There’s been a lot of fuss recently about the British National Lottery, which has recently increased the number of balls from forty-nine, to fifty-nine, decreasing the chances of winning the top prize from one in fourteen million to one in forty-five million. The first English lottery, which was drawn, or rather began to be drawn, on this day in 1569 had much better odds. Everyone won a prize. Also all the money that was raised was spent on prizes. 40,000 lots were sold at ten shillings each. That meant it raised £20,000. The top prize was worth £5,000 made up of £3,000 in cash £700 in silver and gold plate and the rest in tapestries and expensive fabric. The many smaller prizes were either luxury goods or a small cash prize. I imagine you’re wondering how anyone profited by this. Well, they didn’t, not really. But rather than waiting till the end of the week to find out if you’d won, the ticket holders had to wait three years. The tickets had been sold in 1566. What the money did do was provide an interest free loan for the government which was used for the: “reparation of the havens and strength of the Realme, and towardes such other publique good workes”. Specifically it was used to strengthen our ports at a time when England was competing with Spain, Holland and Portugal to set up colonies overseas and establish export markets.
To promote the lottery, scrolls were posted all over the country showing drawings of the prizes on offer. Despite the tempting prizes and the assurance that no one would lose, ticket sales were slow . Queen Elizabeth was forced to offer other inducements to ticket holders. Anyone with a ticket could visit certain towns in the kingdom and do anything they liked there for seven days, without fear of arrest. Just so long as it wasn’t treason, murder or piracy. The drawing of the lottery began on January 11th outside Saint Paul’s Cathedral. Each ticket had to be matched against a prize and recorded. It took a really long time. The lottery continued to be drawn day and night until May 6th. I’m afraid I don’t know who won the big prize.
It can’t have been a huge success, Because the second ever English lottery seems not to have taken place until 1585. it was to win a rather splendid suit of armour. We know that in 1612, James I granted a lottery to raise funds for a colony in Virginia which was won by a poor tailor, so that’s nice. Lotteries really took off in the reign of Charles II. The government had learned by this time that they could make far more money if they included ‘blanks’ in the draw, which meant there were people who didn’t win anything at all. They would raise money for a scheme by selling £10 shares in the lottery to brokers who actually paid around £16 for them. The brokers then offered the tickets to the public for about £20. In practice, not many people could afford to buy a whole ticket and it was common for them to sell a person half a ticket, a quarter, an eighth, even a sixteenth. The money they could get from sixteen people for a sixteenth share would be more than the £20 they could get for a whole share, and they made the most money this way. What you have here, in essence, is a stock market.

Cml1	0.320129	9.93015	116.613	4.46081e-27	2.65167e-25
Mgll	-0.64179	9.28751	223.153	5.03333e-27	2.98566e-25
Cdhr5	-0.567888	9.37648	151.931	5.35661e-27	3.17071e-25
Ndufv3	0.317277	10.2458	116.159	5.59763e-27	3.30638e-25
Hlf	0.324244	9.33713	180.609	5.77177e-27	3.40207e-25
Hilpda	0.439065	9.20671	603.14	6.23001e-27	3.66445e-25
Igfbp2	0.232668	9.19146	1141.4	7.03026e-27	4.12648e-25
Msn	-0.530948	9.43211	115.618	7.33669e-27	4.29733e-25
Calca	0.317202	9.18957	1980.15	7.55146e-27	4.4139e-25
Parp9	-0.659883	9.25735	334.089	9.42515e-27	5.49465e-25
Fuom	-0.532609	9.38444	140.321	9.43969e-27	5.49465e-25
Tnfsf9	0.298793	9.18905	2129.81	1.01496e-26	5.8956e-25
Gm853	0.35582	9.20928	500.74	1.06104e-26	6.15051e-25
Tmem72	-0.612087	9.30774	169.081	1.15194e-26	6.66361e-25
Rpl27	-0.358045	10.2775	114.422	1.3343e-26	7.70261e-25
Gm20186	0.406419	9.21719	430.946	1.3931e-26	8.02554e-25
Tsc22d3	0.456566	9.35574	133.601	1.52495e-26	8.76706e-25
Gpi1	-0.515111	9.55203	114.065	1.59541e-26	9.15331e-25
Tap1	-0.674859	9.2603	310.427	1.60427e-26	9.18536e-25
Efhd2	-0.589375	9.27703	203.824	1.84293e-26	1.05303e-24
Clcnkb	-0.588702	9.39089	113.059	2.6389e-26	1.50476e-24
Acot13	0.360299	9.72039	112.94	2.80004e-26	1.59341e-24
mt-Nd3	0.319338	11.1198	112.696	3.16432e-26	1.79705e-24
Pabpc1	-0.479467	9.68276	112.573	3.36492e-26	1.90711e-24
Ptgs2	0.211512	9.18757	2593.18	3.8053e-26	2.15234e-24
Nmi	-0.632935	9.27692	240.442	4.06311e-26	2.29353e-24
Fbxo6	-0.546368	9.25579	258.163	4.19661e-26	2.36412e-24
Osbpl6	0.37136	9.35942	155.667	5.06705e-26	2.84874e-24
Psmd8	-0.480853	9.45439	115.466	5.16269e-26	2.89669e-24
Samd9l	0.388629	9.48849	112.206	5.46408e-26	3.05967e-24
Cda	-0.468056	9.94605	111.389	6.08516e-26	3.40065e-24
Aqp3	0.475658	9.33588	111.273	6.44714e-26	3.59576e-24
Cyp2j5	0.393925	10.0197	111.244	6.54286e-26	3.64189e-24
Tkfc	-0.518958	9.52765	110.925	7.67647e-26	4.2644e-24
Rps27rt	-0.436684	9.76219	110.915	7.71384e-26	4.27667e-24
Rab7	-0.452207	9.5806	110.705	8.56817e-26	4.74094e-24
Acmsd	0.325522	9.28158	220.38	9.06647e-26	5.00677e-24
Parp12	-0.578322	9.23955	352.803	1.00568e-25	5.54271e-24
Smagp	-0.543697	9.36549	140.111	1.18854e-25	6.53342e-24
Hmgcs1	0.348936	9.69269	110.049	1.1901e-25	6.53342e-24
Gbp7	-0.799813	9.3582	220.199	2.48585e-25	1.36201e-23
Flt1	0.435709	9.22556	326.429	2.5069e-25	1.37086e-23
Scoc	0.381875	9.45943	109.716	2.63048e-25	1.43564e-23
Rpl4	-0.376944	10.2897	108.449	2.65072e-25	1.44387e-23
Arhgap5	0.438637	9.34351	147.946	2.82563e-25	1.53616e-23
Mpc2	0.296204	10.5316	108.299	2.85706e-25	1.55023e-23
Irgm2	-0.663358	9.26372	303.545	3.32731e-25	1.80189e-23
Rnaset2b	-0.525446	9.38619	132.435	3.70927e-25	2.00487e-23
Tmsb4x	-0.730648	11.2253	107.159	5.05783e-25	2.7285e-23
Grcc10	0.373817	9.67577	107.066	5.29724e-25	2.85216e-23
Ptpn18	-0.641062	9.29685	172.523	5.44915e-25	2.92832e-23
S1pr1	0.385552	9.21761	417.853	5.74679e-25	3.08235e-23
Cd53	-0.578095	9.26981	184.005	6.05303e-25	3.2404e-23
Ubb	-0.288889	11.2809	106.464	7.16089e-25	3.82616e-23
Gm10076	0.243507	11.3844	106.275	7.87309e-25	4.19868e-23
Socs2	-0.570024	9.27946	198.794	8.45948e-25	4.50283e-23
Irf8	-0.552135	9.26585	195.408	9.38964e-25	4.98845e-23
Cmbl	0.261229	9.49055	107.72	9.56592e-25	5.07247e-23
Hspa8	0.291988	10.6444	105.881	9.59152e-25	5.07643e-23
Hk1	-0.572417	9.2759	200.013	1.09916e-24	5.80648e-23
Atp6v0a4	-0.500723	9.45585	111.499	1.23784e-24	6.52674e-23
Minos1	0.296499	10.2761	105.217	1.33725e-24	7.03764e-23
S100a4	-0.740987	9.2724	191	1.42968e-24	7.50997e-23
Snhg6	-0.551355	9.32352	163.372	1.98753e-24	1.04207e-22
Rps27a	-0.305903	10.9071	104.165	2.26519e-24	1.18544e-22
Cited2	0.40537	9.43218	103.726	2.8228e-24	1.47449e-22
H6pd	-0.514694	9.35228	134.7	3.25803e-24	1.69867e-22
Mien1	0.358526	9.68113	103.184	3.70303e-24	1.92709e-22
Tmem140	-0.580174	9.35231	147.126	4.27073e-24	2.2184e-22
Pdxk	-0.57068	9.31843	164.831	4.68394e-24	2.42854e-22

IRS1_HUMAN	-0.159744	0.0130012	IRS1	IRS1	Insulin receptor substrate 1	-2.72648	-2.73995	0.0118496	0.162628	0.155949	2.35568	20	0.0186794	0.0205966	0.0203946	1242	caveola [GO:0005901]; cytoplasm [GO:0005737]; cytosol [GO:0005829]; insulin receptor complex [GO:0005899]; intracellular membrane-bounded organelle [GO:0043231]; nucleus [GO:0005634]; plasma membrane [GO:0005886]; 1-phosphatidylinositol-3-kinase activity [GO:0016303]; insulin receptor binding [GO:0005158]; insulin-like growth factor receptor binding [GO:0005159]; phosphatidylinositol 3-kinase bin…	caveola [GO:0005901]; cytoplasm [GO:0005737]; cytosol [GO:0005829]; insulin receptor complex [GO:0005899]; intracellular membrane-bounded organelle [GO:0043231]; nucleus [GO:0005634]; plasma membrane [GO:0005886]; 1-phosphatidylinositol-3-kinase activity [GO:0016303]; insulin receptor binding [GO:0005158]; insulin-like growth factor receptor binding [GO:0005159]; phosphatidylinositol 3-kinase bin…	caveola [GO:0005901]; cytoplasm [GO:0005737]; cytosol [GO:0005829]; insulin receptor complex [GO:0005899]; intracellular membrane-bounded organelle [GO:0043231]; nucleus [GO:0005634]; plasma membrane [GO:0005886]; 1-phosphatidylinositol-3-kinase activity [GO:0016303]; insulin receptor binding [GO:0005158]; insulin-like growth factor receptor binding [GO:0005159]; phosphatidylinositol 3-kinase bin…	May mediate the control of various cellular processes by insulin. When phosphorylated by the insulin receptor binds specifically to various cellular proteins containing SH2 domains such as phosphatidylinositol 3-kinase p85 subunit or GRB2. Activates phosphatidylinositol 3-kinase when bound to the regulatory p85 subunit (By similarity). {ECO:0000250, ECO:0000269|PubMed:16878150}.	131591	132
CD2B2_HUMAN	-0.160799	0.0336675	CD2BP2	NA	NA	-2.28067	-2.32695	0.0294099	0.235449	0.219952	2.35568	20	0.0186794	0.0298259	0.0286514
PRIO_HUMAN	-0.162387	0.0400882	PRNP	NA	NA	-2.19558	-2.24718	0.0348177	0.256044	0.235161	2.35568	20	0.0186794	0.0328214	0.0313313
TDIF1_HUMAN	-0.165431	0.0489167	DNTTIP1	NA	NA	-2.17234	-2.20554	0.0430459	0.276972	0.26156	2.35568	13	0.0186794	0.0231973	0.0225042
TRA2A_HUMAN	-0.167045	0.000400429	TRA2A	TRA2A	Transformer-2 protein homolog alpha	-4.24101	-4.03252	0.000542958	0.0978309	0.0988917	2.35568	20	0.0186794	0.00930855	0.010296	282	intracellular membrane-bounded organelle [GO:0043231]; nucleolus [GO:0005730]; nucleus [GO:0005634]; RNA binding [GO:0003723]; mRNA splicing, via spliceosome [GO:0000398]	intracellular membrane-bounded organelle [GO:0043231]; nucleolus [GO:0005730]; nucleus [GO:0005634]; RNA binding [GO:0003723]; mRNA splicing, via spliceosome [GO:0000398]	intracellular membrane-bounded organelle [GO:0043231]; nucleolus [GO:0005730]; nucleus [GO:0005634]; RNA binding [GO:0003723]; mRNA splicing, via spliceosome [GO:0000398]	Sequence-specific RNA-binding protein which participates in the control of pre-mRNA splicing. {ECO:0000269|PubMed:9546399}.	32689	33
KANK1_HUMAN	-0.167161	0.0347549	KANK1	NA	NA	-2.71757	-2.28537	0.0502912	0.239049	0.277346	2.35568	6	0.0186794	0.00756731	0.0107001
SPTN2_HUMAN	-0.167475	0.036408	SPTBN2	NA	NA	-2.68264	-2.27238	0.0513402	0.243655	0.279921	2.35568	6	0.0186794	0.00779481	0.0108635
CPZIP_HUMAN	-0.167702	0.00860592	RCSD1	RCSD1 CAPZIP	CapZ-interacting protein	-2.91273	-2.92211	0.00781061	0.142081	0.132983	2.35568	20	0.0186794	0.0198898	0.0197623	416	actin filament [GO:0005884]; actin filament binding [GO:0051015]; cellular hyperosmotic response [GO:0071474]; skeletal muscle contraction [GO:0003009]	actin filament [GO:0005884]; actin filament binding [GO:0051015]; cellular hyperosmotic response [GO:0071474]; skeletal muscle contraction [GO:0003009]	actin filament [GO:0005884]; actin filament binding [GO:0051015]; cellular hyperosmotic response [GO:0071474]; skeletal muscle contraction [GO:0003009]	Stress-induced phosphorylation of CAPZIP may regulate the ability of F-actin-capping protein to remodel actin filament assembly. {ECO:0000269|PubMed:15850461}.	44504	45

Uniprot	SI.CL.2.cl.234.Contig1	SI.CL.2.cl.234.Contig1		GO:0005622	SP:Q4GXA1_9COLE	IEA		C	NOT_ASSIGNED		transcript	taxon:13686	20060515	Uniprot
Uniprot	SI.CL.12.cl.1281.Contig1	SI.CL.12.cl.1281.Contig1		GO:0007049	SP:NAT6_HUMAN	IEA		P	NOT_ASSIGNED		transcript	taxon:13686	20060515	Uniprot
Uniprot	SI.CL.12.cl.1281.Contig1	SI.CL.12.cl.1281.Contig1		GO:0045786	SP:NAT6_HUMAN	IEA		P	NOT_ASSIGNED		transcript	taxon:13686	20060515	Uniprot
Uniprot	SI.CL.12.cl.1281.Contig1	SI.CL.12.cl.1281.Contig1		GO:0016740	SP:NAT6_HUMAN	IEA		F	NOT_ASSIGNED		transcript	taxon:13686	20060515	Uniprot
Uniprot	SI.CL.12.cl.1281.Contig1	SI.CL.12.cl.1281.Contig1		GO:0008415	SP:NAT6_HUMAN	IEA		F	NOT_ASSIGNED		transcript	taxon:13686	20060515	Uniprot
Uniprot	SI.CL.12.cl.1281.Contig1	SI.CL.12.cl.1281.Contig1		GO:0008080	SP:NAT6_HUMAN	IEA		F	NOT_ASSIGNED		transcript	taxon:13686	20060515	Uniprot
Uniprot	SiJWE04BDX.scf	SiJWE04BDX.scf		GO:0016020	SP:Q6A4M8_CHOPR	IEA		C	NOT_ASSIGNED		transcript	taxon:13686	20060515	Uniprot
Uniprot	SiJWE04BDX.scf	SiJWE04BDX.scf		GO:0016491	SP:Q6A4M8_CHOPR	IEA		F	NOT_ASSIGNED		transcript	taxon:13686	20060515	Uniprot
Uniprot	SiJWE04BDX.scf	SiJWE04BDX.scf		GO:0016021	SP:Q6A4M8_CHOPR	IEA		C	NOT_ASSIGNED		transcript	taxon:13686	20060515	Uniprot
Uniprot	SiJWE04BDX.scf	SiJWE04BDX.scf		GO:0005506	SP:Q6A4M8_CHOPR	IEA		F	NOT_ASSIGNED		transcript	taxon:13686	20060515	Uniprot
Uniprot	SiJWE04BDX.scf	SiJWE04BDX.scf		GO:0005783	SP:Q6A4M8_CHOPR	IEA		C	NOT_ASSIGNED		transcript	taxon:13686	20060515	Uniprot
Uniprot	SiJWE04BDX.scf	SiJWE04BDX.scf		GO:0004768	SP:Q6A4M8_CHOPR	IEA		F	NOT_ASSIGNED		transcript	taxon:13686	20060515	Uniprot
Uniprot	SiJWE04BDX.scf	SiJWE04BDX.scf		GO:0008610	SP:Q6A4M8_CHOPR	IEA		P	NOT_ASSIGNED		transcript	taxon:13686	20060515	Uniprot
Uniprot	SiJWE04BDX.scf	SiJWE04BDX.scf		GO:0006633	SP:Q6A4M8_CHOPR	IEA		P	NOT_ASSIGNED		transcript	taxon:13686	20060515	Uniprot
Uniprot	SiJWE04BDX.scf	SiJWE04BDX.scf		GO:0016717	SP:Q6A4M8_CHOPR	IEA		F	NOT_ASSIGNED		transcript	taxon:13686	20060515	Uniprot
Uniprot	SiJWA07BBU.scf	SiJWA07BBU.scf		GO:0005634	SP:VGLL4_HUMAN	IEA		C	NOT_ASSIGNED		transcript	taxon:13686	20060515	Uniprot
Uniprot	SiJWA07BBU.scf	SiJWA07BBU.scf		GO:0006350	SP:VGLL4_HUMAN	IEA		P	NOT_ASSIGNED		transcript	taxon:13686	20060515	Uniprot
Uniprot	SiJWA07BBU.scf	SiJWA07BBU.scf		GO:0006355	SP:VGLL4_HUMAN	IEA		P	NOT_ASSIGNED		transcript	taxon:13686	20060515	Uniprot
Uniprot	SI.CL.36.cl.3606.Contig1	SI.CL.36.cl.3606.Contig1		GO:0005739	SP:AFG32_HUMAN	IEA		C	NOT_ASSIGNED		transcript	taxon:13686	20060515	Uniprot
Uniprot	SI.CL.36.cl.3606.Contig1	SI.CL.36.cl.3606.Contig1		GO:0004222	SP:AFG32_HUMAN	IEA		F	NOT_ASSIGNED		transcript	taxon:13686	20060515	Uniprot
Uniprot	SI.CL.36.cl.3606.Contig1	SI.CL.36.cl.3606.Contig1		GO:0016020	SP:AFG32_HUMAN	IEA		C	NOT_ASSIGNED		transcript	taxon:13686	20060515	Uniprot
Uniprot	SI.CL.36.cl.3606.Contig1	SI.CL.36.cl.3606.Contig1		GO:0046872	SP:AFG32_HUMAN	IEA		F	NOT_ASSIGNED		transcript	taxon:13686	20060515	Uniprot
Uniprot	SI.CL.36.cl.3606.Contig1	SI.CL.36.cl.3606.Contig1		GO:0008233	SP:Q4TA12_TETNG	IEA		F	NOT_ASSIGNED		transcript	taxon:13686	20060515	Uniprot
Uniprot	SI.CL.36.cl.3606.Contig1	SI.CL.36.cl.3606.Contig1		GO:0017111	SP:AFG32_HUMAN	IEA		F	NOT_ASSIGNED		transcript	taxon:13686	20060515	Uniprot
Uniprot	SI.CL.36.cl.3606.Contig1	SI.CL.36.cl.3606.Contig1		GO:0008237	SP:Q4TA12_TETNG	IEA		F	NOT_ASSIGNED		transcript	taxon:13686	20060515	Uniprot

Lottery brokers would vie with each other for custom by advertising how many previous winners they had sold tickets to. As though, just because they had once had a couple of winners, they were somehow lucky and would be favoured again. One firm of lottery ticket contractors paid an old woman £50 a year to become a nominal director simply because her name was Mrs. Goodluck. Then, as now, people had their favourite lucky numbers. Some people won and their stories were recorded: The baby who won £1000 the day after his birth; an innkeeper who won £20,000 and bought a new coach and horses for the coachman who brought him his ticket, but mostly they lost. The real winners were the government and the brokers. By 1826 people had got a bit fed up with the way the lottery was run and the whole thing rather imploded. Robert Chamber’s, in his Book of Days has rather a lot to say about lotteries on his entry for this day. Writing in 1864, he can’t believe people could ever have been so stupid as to think they had a chance of winning. I wonder what he would think if he could see us now?